It is important to establish the risk factors for ROP occurrence in the local population, as those can be modified to reduce the incidence of this vision-threatening condition. The objective of the current study is to assess the incidence of ROP in preterm neonates admitted to one of the main tertiary hospitals in Oman and compare it to local and international incidence rates. In addition, we aimed to assess its risk factors by analyzing maternal and neonatal characteristics and to compare the results with other reports from the Middle East and other countries worldwide.
| Patients and Methods|| |
This is a retrospective cohort study over a 4-year period (January 2007 to December 2010) at NICU, Sultan Qaboos University Hospital (SQUH), Muscat, Oman. The inclusion criteria were all neonates who were screened for ROP and survived up to hospital discharge. Patients who died during the hospital course, or had incomplete clinical data for assessment of risk factors, or missed screening for ROP, were excluded from the study.
Screening for ROP was done by either one of the two pediatric ophthalmologists in SQUH. The ophthalmological examinations were first performed at 30–31 weeks postmenstrual age in neonates born at <28 weeks gestational age (GA) and at 4–5 weeks postnatal age in neonates born at 28–32 GA, and were repeated weekly or biweekly, according to the recommendations by the American Academy of Pediatrics (AAP) Section on Ophthalmology; American Academy of Ophthalmology (AAO); American Association for Pediatric Ophthalmology and Strabismus (AAPOS), American Association of Certified Orthoptists, until vascularization of the retina reached ora serrata (the most peripheral part of the retina), or until full remission of ROP after treatment., The initial recommendation of 2006 was to screen all neonates born below 32 weeks of gestation, followed by 2013 guidelines that recommends to screen infants with GA of 30 weeks or less and selected infants with GA of >30 weeks with an unstable clinical course, including those requiring cardiorespiratory support and who are at high risk for ROP. Although at the time of our study period the unit followed 2006 recommendations that advised to screen all neonates below 32 weeks of gestation, our study patients selection is also applicable to the recent 2013 recommendations as all neonates more than 30 weeks of gestation in our cohort were admitted to the unit with unstable course (being a tertiary care referral center). During the examination procedure, eyes were dilated with a combination of cyclopentolate 0.2% and phenylephrine 1% eye drops, one drop every 10 min for 2 times. The ophthalmological examination included indirect ophthalmoscopy with a 28D lens that was performed for each neonate using speculum and scleral depression. The findings of retinal examination were documented. RetCam 3 fundus imaging was done when indicated.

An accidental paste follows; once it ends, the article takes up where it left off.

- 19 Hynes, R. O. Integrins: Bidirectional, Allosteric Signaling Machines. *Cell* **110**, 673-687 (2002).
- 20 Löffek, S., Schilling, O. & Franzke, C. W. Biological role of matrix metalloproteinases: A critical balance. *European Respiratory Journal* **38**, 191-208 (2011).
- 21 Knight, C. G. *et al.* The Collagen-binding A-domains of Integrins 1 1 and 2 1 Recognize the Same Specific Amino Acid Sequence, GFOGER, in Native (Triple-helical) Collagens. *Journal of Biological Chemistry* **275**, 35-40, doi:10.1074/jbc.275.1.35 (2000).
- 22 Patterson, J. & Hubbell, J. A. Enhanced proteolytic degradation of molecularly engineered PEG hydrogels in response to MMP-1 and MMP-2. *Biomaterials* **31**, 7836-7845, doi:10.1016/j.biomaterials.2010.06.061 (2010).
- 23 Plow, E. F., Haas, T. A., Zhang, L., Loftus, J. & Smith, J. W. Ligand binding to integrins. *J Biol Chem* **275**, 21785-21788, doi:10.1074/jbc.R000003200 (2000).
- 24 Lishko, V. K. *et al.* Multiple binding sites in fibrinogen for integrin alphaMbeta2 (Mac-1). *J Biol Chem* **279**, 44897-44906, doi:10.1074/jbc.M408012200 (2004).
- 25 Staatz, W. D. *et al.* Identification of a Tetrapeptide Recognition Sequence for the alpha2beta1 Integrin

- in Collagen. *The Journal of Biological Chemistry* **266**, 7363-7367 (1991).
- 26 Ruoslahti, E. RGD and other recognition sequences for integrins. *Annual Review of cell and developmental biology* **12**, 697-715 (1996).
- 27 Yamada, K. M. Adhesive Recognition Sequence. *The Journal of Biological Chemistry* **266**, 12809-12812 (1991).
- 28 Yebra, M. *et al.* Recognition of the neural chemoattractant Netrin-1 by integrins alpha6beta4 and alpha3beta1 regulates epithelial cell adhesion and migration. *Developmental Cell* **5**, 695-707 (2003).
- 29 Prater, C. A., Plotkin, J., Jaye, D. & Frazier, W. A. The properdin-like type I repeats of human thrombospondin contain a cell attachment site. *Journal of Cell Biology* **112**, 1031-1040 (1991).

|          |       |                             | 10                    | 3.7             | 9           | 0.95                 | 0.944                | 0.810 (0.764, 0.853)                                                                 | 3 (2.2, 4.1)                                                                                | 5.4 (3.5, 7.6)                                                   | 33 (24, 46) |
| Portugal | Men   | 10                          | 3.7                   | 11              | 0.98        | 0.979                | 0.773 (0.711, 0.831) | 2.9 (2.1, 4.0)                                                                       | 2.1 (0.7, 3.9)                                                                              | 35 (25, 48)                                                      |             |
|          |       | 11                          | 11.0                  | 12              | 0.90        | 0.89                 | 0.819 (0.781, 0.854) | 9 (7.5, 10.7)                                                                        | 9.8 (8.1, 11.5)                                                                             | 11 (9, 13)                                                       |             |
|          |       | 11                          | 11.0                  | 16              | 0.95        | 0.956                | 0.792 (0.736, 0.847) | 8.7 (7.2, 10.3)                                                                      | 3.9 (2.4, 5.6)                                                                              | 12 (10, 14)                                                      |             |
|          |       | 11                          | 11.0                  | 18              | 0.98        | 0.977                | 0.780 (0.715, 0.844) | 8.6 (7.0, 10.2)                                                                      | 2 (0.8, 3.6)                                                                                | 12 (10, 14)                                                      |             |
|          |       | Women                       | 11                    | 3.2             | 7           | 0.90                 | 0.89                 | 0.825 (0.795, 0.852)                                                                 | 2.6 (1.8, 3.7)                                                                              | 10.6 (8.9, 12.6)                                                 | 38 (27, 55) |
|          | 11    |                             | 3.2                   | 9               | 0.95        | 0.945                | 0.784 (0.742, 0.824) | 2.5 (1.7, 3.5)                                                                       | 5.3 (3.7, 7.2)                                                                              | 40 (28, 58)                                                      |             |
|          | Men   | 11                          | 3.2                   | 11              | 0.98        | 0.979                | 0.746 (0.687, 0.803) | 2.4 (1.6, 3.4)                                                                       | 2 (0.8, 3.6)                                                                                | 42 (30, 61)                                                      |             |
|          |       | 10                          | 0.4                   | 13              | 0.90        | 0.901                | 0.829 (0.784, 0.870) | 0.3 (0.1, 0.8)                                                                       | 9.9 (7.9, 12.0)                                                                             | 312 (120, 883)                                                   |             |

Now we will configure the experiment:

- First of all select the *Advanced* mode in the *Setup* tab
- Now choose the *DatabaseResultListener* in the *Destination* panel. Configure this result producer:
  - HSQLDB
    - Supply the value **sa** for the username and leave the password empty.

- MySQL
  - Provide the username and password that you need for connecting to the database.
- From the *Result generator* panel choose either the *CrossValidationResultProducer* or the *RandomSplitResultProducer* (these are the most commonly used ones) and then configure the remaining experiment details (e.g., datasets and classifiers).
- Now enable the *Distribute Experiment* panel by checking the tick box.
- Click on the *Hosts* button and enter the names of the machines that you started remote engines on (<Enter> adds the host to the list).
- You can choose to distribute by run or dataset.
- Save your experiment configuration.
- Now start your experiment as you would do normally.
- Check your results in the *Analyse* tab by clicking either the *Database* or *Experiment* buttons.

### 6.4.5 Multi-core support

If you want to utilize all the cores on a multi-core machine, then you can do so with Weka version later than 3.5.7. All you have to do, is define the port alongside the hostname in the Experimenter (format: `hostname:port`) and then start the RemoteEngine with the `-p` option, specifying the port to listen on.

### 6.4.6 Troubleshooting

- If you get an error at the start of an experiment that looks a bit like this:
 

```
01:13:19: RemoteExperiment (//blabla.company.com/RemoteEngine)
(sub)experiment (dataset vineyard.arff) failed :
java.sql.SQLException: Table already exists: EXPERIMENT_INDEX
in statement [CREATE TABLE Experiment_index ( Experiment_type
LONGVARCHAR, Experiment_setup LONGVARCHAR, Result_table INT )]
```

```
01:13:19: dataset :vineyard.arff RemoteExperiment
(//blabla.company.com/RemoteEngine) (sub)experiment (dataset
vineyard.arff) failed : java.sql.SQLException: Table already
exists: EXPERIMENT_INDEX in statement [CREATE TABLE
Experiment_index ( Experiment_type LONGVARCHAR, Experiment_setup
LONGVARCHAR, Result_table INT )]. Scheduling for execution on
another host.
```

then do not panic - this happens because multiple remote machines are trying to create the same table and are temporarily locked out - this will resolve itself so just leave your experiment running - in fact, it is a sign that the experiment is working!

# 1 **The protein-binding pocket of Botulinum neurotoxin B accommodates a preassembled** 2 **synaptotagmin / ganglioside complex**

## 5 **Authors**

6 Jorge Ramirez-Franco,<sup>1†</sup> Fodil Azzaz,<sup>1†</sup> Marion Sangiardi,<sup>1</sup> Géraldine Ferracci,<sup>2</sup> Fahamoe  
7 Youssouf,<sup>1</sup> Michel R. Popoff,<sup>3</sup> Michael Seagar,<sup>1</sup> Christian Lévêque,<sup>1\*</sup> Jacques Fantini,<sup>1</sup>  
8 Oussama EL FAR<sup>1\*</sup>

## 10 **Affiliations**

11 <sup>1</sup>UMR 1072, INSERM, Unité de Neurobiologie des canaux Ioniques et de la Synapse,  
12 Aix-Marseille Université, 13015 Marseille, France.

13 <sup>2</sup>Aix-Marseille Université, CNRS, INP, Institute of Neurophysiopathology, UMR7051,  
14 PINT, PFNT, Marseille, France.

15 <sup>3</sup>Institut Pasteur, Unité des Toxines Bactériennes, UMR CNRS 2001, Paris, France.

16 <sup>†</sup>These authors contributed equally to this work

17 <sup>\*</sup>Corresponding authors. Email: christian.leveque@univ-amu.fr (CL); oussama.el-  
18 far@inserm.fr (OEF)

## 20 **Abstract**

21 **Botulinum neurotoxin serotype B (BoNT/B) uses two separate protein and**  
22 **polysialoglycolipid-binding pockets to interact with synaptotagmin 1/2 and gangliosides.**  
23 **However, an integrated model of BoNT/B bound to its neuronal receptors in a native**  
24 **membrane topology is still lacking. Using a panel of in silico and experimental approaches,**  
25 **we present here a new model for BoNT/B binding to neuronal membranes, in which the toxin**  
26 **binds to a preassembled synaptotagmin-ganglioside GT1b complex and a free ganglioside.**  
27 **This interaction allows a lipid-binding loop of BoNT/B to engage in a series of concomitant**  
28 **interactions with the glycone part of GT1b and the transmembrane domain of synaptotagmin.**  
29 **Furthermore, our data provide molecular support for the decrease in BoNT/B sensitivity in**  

The demographic and clinical data with regards to maternal and neonatal risk factors were obtained from the hospital electronic patients' records. The maternal variables that were followed included age, gravidity, multiple pregnancy, antepartum hemorrhage, gestational diabetes, gestational hypertension, antenatal steroids, preeclampsia, and premature rupture of membrane. The neonatal factors studied were GA based on the last menstrual period, BW and its centile, sex, respiratory distress syndrome (RDS), hypotension, hyperglycemia, total duration of oxygen use, IVH, significant PDA confirmed by echocardiogram, and bronchopulmonary dysplasia (BPD). Hypotension was defined as mean arterial pressure reading < number of weeks of GA and/or clinical signs of hypoperfusion. Hyperglycemia was defined as bedside glucose >8 mmol/L. Other variables included were late onset sepsis (either proven by microorganisms isolated in blood culture or based on clinical suspicion that required at least 5 days of treatment), number of blood transfusions in the first 4 weeks of life and percentage postnatal weight gain by 4 weeks of age.
The ethical approval for this study was obtained from the Research and Ethics Committee at Sultan Qaboos University.
Data were analyzed using SPSS (Statistical Package for Social Sciences) software, version 20 (IBM, Chicago, Illinois, USA). The incidence of ROP was calculated in the whole cohort and then separately for different groups according to the GA and BW. Mean (±standard deviation [SD]) or median (with interquartile range) were used to present the numerical data, wherever appropriate. Risk factors for ROP were estimated using univariate and multivariate analyses. For univariate analysis, comparison between ROP and non-ROP groups was done using Chi-square test for categorical variables, and Student's t-test or Wilcoxon-Mann-Whitney for numerical variables according to their normal distribution. A two-tailed level (P value) was set at 0.05 level for significance. A logistic regression model was performed to all studied risk factors and the adjusted odds ratio (OR) (95% confidence interval [CI]) was obtained.
| Results|| |